The Brooklyn born, Tyrone bred poet John Montague has produced a wide-range of work from pastoral pieces steeped in Irish history to brave new twists on love poetry. His work has at its core an open-mindedness and urbaneness, no doubt the result of his travels and his time with Allen Ginsberg in California, Brendan Behan in Dublin and Samuel Beckett in Paris. Yet, he never preaches, but rather lets his work carry itself with moral subtlety. He is capable of great political and social meditation as in The Rough Field (1972) where he explores the faultlines of the North while also displaying a sense of delicate lyricism; ‘a hazel tree rustles, / I am led towards the borders of dream’ (‘The Screech Owl’).
He celebrates the countryside, laments modern man’s disconnection from it and mourns the lost names and Gaelic language of the place,
The whole landscape a manuscript
We had lost the skill to read,
A part of our past disinherited;
But fumbled, like a blind man,
Along the fingertips of instinct. (‘A Lost Tradition’).
He once referred to the poet Theodore Roethke as, ‘Yeats in a speakeasy.’ The phrase is telling and he may as well have been saying it of himself, for he has that mixture of authority and subversion, dealing with myth and the history of the land, but with a crucial absence of Yeat’s aloofness and blessed with a modern worldly air.
Like Yeats, he has seen a relative renaissance and a resurgence of energy in his later years which he explores in his recent poem White Water (2004),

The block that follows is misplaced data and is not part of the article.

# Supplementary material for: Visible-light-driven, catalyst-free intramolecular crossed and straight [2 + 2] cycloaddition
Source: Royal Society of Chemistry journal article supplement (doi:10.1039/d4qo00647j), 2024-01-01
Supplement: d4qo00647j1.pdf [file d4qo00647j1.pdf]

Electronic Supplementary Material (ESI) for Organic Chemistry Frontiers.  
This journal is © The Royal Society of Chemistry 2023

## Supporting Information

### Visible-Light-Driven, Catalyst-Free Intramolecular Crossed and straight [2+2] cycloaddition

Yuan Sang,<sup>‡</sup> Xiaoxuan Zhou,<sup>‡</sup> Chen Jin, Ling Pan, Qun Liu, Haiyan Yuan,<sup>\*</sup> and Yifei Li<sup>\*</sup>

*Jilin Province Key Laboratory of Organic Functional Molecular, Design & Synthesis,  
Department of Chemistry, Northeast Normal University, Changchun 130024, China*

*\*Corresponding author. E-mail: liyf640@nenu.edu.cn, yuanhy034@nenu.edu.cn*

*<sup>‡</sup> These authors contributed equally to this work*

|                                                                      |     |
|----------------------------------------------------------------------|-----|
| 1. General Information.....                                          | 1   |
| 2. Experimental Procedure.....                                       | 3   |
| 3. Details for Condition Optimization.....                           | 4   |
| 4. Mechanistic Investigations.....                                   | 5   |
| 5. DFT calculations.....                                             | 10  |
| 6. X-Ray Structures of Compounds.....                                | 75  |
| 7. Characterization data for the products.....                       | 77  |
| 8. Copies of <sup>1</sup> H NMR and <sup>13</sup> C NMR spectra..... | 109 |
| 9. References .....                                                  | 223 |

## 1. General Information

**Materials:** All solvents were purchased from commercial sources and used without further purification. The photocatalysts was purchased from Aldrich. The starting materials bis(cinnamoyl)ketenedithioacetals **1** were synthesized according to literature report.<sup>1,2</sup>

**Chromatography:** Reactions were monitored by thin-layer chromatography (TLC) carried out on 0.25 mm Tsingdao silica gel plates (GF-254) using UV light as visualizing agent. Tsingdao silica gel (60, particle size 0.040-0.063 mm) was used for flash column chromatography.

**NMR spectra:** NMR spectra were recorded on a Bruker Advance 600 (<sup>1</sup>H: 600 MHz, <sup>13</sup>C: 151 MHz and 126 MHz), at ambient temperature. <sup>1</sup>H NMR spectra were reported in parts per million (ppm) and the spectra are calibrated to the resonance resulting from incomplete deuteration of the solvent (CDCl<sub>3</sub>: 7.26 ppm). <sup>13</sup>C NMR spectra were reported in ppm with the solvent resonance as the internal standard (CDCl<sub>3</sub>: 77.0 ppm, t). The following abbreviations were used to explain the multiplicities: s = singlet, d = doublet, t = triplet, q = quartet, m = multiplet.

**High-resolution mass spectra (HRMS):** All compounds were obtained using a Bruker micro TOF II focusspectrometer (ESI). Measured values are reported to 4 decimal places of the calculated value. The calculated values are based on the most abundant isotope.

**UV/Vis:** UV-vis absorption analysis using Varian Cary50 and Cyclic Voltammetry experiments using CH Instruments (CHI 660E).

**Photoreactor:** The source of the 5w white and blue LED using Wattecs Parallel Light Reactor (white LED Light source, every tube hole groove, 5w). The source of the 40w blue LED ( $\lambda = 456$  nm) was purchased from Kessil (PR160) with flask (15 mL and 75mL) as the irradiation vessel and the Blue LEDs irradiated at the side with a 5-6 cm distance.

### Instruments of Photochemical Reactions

‘As a fish gleams most / fiercely before it dies,’ facing
down his own mortality as,
luminous, bleached –
white water –
that light in the narrows
before a storm breaks.
With the advent of post-modernism and globalisation, the nature of culture poetry has changed. The great academic patriarchs of old are increasingly solitary figures. Instead poetry has fragmented into many protean forms, finding its voice on journals and magazines, in bars and coffee shops and in the multi media forms of digital film, music and the internet.
The post-Heaney generation of poets (Carson, Muldoon et al) have followed prevailing trends and are thus more urban, more cosmopolitan, more postmodern. On occasion they touch on the rural but are more likely to look beyond the confines of Ulster, or the shores of Ireland for inspiration. Though in today’s globalised society there are vast thrilling continents of space and time to explore and inspire, it is important not to lose our roots, to ignore our sense of history and our place in the environment.
The danger is, in turning away from the land we may lose something. There is a danger of being set adrift in the cosmopolitan, just as others were once trapped in the parochial. If we have no affinity with the land, it and ultimately, we, are doomed. The future rests on a new generation of poets and writers finding fresh ways of seeing our surroundings and ourselves. A new generation of poets are only now beginning to make themselves known. The land awaits.